Standard network topologies rely on centralized devices, such as small cells, to establish a network within a fixed perimeter. These devices, or base stations, are then connected via a backhaul to the rest of the world. Figure 1 shows a generic client-server network architecture.

Figure 1: A client-server network

Figure 1: A client-server network

Ad hoc networks are different. They do not require a central access point and are based on a peer-to-peer architecture. Each device is at the same level in the network. All the devices in an ad hoc network communicate directly with each other, as shown in Figure 2.

Figure 2: A peer-to-peer network (ad hoc network)

Figure 2: A peer-to-peer network (ad hoc network)

For an ad hoc network to work, the devices must be close to each other. The network performance typically decreases as the number of users grows. Large ad hoc networks can also be difficult to manage.

Ad hoc networks are useful, however, in situations where a rapid and cheap deployment is needed (for example, in emergency situations where the wired backbone may have been destroyed by forces of nature). They are also very useful in situations like military operations, where troops in movement need to have a quickly deployed communication network. In fact, “ad hoc” is a Latin phrase meaning “for this” and can be interpreted as “for a specific purpose”. Ad hoc networks exist for a specific purpose and can disappear and restructure as needed, where needed. The fact that the network does not rely on a central device makes it versatile and resistant.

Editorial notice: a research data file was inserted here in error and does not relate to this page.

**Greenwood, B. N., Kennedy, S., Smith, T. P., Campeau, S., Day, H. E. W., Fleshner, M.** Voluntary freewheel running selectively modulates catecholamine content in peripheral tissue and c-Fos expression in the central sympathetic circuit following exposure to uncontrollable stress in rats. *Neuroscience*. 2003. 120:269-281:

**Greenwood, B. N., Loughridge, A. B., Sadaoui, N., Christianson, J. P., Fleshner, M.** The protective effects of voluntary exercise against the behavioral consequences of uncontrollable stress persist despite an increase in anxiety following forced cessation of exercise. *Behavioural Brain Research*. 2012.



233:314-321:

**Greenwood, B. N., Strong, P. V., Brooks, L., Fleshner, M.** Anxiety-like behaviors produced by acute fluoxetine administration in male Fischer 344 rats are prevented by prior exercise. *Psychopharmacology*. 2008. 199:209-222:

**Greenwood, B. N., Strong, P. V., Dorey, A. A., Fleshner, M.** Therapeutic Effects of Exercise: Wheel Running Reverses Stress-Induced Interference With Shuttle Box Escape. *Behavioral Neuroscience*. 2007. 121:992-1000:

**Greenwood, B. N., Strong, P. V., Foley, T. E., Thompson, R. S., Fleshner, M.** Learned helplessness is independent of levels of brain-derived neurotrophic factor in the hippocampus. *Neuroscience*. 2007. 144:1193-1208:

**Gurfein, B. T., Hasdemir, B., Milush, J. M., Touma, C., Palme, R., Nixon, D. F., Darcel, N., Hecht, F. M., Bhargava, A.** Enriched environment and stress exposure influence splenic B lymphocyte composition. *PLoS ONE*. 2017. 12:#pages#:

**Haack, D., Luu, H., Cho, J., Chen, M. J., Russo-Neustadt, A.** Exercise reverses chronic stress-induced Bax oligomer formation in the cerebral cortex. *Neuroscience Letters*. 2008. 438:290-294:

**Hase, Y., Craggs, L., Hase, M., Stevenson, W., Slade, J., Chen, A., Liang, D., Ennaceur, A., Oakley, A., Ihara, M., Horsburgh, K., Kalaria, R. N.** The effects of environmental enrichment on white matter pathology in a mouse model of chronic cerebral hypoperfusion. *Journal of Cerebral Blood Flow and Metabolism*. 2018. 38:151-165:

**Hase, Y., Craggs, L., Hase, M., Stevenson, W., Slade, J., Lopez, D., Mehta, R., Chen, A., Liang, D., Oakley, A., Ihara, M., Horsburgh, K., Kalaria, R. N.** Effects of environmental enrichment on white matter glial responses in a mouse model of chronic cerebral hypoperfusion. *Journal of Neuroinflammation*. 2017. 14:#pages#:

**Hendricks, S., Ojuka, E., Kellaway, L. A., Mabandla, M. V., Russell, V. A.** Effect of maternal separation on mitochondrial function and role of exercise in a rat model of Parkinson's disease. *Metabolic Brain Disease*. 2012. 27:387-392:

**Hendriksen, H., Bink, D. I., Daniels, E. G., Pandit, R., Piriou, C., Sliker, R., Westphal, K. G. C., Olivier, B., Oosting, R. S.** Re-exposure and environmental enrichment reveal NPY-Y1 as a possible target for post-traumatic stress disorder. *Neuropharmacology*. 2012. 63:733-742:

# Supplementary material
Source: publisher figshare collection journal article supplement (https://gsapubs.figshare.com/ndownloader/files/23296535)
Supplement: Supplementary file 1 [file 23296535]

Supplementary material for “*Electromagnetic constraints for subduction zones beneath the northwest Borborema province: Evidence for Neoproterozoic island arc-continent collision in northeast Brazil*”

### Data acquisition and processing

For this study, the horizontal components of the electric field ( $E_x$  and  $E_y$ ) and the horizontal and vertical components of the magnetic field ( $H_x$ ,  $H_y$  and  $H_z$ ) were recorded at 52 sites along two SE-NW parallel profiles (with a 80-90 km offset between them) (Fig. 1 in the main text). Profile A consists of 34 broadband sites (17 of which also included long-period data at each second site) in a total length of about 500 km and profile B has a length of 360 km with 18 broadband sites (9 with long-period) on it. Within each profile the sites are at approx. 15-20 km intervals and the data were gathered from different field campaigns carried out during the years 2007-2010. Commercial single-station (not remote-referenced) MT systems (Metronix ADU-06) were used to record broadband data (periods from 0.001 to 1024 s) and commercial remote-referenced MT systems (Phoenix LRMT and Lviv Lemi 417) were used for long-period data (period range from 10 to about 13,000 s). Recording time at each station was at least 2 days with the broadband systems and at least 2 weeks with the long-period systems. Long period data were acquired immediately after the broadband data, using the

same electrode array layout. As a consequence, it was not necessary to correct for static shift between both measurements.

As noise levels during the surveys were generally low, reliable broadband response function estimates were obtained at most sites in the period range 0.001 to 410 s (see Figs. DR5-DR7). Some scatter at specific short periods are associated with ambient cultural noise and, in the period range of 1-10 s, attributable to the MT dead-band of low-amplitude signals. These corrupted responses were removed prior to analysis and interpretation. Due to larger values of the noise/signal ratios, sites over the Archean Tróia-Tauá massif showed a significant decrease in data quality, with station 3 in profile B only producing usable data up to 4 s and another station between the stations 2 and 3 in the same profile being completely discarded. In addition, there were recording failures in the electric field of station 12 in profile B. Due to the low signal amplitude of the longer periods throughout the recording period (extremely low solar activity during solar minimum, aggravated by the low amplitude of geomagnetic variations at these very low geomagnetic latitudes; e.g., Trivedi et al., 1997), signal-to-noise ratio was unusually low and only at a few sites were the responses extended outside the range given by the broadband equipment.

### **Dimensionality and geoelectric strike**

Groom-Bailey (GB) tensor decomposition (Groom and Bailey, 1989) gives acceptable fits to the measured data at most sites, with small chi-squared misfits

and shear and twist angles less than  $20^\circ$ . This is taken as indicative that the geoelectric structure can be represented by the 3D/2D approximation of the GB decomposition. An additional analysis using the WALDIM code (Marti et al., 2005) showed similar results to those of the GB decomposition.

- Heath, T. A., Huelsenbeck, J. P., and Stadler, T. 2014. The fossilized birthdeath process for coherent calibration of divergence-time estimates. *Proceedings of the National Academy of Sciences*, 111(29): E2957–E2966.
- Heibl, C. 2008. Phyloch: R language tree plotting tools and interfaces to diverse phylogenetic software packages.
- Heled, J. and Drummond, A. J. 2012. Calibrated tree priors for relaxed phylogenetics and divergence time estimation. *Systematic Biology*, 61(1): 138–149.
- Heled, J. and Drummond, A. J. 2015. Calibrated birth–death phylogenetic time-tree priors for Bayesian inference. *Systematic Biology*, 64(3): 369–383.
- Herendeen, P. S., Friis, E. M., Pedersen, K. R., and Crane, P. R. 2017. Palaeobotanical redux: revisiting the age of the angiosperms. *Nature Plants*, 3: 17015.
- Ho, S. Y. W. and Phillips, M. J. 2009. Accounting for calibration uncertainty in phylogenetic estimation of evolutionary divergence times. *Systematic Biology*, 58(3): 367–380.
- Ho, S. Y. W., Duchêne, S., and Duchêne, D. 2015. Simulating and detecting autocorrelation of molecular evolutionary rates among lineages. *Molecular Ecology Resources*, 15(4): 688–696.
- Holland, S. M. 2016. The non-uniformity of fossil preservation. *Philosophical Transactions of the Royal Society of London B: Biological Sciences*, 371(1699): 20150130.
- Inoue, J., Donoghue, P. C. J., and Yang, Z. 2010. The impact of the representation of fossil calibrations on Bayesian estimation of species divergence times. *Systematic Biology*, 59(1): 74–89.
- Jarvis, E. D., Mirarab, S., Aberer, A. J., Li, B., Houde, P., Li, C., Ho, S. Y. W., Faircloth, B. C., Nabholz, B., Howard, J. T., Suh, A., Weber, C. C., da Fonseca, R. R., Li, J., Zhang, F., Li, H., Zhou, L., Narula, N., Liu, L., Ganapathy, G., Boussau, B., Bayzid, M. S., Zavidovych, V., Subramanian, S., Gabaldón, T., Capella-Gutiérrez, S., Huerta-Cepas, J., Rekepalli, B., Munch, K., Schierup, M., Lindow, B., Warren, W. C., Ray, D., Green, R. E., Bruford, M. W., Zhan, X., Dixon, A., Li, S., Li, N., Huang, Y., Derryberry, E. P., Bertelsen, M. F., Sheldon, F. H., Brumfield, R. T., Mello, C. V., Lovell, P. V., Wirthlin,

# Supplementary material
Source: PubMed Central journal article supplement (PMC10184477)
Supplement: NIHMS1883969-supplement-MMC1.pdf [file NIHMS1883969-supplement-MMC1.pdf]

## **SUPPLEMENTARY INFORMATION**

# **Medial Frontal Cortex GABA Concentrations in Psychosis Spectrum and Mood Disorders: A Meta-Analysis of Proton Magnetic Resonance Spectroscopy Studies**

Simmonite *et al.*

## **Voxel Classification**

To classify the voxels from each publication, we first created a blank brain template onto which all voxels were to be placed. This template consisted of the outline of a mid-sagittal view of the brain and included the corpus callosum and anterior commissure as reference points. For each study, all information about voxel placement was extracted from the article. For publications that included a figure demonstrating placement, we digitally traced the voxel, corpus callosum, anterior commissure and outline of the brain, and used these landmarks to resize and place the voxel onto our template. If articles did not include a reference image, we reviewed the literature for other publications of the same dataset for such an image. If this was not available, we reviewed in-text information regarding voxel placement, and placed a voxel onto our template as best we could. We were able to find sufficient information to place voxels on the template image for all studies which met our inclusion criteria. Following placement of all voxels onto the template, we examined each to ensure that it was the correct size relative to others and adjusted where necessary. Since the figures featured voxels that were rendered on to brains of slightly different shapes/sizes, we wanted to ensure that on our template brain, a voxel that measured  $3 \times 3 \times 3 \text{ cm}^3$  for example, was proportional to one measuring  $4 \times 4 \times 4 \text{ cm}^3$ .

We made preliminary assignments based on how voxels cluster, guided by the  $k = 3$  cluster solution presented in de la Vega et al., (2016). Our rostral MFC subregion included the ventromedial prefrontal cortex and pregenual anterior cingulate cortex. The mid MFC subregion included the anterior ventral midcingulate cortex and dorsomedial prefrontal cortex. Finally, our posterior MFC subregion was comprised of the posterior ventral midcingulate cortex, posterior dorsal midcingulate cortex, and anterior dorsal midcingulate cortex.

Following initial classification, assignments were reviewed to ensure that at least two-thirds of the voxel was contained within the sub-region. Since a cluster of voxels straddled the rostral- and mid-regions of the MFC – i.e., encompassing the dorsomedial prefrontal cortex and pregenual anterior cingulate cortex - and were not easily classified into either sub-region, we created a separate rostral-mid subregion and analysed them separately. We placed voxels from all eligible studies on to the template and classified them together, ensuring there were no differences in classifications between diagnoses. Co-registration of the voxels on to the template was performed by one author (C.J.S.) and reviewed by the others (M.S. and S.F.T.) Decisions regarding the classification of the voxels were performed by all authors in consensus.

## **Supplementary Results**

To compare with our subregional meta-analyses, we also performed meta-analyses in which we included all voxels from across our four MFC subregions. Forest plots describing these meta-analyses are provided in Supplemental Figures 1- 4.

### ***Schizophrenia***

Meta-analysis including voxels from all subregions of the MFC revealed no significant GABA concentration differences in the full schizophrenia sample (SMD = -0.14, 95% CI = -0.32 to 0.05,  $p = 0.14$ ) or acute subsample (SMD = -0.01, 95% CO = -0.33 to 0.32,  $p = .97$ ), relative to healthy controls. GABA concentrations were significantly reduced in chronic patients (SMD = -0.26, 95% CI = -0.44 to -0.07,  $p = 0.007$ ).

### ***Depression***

MANET stands for mobile ad hoc network and fits with our description of ad hoc networks except that the network elements are mobile. Take wirelessly connected cars for example, where cars moving on a freeway are networked together for security purposes such as alerting other cars if an accident is detected. Vehicular ad hoc networks (VANETs) are a subcategory of MANETs and are associated with the particular case of communications between vehicles. MANETs can be isolated – without connectivity to the external world – or connected to the Internet. Hybrids between dynamic and static members are also frequent, like in the case of cars connected to an immobile freeway component that is in turn connected to the Internet and relays traffic information to the rest of the world.

Ad hoc networks are not protocol-specific and may be deployed using standard protocols such as the 802.11 family.

Conclusion

Ad hoc networks are networks that can be deployed as needed and do not require an existing infrastructure. For this reason, they are very useful in contexts where networks need to be rapidly deployed without costs. Two downsides of ad hoc networks are that the devices must be in close range and are limited in number.